“Above all, I delight in listening to stories, and sometimes in telling them”
In the last post I wrote about my influences (which are as numerous as they are varied). Today my aim is to cover the actual substance of the stories I put on the page. What are they about? Who are they for? Why should you care?
(In the interest of full disclosure, I might not have an answer for that last one.)
To this point in life, I’ve written five novels (which clutter my shelves and computer files in various stages of “completion”). They are all pretty distinct from one another, even those that belong to the same series. They all have more than a few things in common, as well, and those are the things I will focus on today.
First of all, each of my stories falls into the category of fantasy.
The long explanation for this: I love being taken to far-flung, fantastic locales. I love the freedom the genre gives to my imagination. I love the endless possibilities. I love the inherent wonder. I love finding the similarities between made-up worlds and the real one that we live in. I love it as a unique way of exploring human nature. I love it as a meaningful and entertaining tool for shedding light on the most important facts and questions of life.
The short explanation: I really, really love dragons.
Second, all my work so far would be judged by most to be for the young adult audience.
I have mixed feelings about this, as I don’t’ care for pigeon-holing. My first book, though I will present it to the world under the YA banner, is perfectly appropriate for younger readers, as well. I’d like to believe it will appeal to all ages.
Says George MacDonald:
My desire is to attain a similar kind of universal appeal. This is not because I believe everybody is going to enjoy what I write. My style and content are obviously not going to appeal to the whole world. What I don’t care for is the notion that age must be the deciding factor.
That said, when it comes down to publication time, we have to make these distinctions. I distinguish my stories as YA. The main reason for this is the average age of my heroes and heroines.
All of my protagonists at least start out as teenagers. Why, you may ask? It’s not something I put much thought into starting out, I’m sad to say. It just… happened. Adolescence is such a peculiar time of life. It’s a period of learning and transitions, of challenges and growing pains. This is my best guess as to why it makes such appealing fodder for writers, and why it became my own natural choice.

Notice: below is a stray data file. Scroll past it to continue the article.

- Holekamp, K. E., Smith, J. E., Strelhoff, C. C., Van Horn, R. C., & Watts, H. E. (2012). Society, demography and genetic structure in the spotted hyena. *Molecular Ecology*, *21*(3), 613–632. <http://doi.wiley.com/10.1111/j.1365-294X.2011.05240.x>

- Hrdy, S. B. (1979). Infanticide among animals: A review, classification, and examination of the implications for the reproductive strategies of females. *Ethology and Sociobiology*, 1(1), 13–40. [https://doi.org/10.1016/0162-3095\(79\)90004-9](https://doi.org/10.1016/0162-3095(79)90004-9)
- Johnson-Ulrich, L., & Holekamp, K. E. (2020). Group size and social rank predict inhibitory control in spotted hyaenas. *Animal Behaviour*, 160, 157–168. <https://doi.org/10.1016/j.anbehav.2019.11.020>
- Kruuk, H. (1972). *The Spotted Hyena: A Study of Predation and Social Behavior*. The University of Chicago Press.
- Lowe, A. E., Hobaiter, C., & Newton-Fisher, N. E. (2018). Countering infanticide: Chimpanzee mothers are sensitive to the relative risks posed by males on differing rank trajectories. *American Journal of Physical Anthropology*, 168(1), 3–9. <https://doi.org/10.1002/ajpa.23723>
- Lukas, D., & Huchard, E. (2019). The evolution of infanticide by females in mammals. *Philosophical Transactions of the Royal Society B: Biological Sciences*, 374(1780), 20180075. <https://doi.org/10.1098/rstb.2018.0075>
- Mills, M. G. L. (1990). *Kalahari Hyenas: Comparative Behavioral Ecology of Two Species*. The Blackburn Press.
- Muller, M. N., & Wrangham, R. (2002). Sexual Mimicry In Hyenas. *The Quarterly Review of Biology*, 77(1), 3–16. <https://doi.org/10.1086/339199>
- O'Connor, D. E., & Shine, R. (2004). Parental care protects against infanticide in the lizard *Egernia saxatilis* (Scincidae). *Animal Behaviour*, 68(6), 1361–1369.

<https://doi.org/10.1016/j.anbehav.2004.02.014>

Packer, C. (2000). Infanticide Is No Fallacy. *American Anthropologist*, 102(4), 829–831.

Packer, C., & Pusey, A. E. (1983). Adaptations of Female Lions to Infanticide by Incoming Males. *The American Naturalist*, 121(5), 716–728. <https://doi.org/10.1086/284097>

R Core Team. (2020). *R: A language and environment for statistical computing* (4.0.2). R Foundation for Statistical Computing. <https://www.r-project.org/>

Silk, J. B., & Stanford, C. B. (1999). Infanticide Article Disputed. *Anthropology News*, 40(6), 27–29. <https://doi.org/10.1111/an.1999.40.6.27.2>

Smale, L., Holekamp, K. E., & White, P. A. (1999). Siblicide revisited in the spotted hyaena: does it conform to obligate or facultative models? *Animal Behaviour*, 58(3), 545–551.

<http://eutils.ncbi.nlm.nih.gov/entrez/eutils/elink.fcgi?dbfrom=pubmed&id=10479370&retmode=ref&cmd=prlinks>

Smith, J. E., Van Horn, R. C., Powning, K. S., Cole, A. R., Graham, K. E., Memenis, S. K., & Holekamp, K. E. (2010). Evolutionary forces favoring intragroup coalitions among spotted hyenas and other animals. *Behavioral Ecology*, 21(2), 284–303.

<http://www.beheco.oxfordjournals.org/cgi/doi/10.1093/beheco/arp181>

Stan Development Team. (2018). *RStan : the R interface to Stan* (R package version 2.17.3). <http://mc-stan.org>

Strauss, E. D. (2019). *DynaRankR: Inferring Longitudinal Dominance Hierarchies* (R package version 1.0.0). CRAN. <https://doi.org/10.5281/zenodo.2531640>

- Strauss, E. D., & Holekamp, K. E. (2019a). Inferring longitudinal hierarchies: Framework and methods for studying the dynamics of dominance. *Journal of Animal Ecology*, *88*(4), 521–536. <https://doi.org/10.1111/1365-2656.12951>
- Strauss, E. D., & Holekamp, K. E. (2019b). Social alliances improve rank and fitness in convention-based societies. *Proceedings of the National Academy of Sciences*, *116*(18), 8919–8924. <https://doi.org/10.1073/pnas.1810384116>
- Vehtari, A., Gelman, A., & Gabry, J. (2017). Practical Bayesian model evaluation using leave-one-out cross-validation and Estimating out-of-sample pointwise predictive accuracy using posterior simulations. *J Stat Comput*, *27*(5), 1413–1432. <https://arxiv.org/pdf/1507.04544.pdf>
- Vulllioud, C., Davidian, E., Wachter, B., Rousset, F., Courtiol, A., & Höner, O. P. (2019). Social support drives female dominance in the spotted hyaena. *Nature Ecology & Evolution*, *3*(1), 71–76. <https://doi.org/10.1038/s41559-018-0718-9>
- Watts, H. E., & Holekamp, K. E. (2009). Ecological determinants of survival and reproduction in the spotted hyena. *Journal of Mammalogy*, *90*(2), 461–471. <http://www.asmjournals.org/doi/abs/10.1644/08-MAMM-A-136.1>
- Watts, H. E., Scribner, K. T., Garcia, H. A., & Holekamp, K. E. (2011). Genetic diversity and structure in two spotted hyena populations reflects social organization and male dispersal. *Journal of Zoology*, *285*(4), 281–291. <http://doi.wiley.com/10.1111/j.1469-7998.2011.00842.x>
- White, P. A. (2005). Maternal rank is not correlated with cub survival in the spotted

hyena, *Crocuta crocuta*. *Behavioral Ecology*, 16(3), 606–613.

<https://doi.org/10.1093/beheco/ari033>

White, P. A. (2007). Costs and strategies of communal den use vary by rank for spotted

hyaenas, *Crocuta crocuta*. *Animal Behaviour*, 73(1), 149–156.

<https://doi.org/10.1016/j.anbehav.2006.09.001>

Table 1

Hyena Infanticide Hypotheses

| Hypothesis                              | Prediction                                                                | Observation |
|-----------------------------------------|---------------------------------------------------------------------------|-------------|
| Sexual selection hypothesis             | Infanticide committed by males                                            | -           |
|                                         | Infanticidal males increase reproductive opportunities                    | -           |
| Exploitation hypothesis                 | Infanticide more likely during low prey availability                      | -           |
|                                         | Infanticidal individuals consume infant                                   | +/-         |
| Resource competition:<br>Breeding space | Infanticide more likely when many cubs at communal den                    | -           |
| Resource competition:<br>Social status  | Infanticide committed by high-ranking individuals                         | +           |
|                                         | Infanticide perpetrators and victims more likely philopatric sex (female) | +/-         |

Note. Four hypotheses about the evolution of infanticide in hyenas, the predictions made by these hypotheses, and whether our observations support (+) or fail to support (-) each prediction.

Third, all of my stories are character driven.
I never begin by sketching out a detailed plan for my plots and worlds. After the initial story-spark* emerges, the characters come next. I have to get to know them a little bit, and everything else takes shape around who these people (or dragons, et al.,) may be.
It might sound silly to those who aren’t writers, but I have little control over the characters themselves. Not unlike real children, they tend to grow and act quite on their own once they’ve been given birth. The best I can do for a character, as William Faulkner put it, is to “trot along behind him with a paper and pencil trying to keep up long enough to put down what he says and does.” The best I can do is try to translate the characters onto the page, so that the reader might see them and know them as I do.
On a related note, and to make my final point, my stories, like my characters, aren’t mine.
What kind of sense does that make? None, maybe. Call me crazy. You might be right.
Crazy or not, I feel as if the origin of my stories begins somewhere outside my own imagination. It is as if the story already exists, and I am merely the conduit through which it enters the world. Tolkien expressed similar thoughts, saying that his stories “arose in my mind as ‘given’ things”.
If I am crazy, at least I’m in good company, right?
*What is a story spark? For Tolkien, it was a simple line scrawled on paper to distract his mind from the drudgery of grading papers (“In a hole in the ground, there lived a hobbit…”) For Lewis, it was an image of an umbrella-carrying fawn and a lamppost in a snowy wood. For me, it usually starts with the question, “What if?”
The spark for my first completed novel, Men & Dragons, ignited when I was considering the many stories in which a person is transformed into something else. A dragon, say, like Eustace Scrubb in The Voyage Of The Dawn Treader. “What if,” I thought, “it happened the other way around? What if a dragon was turned into a human?” A very specific scene dawned in the wake of this question, and the rest is history.
And that’s what a story spark is.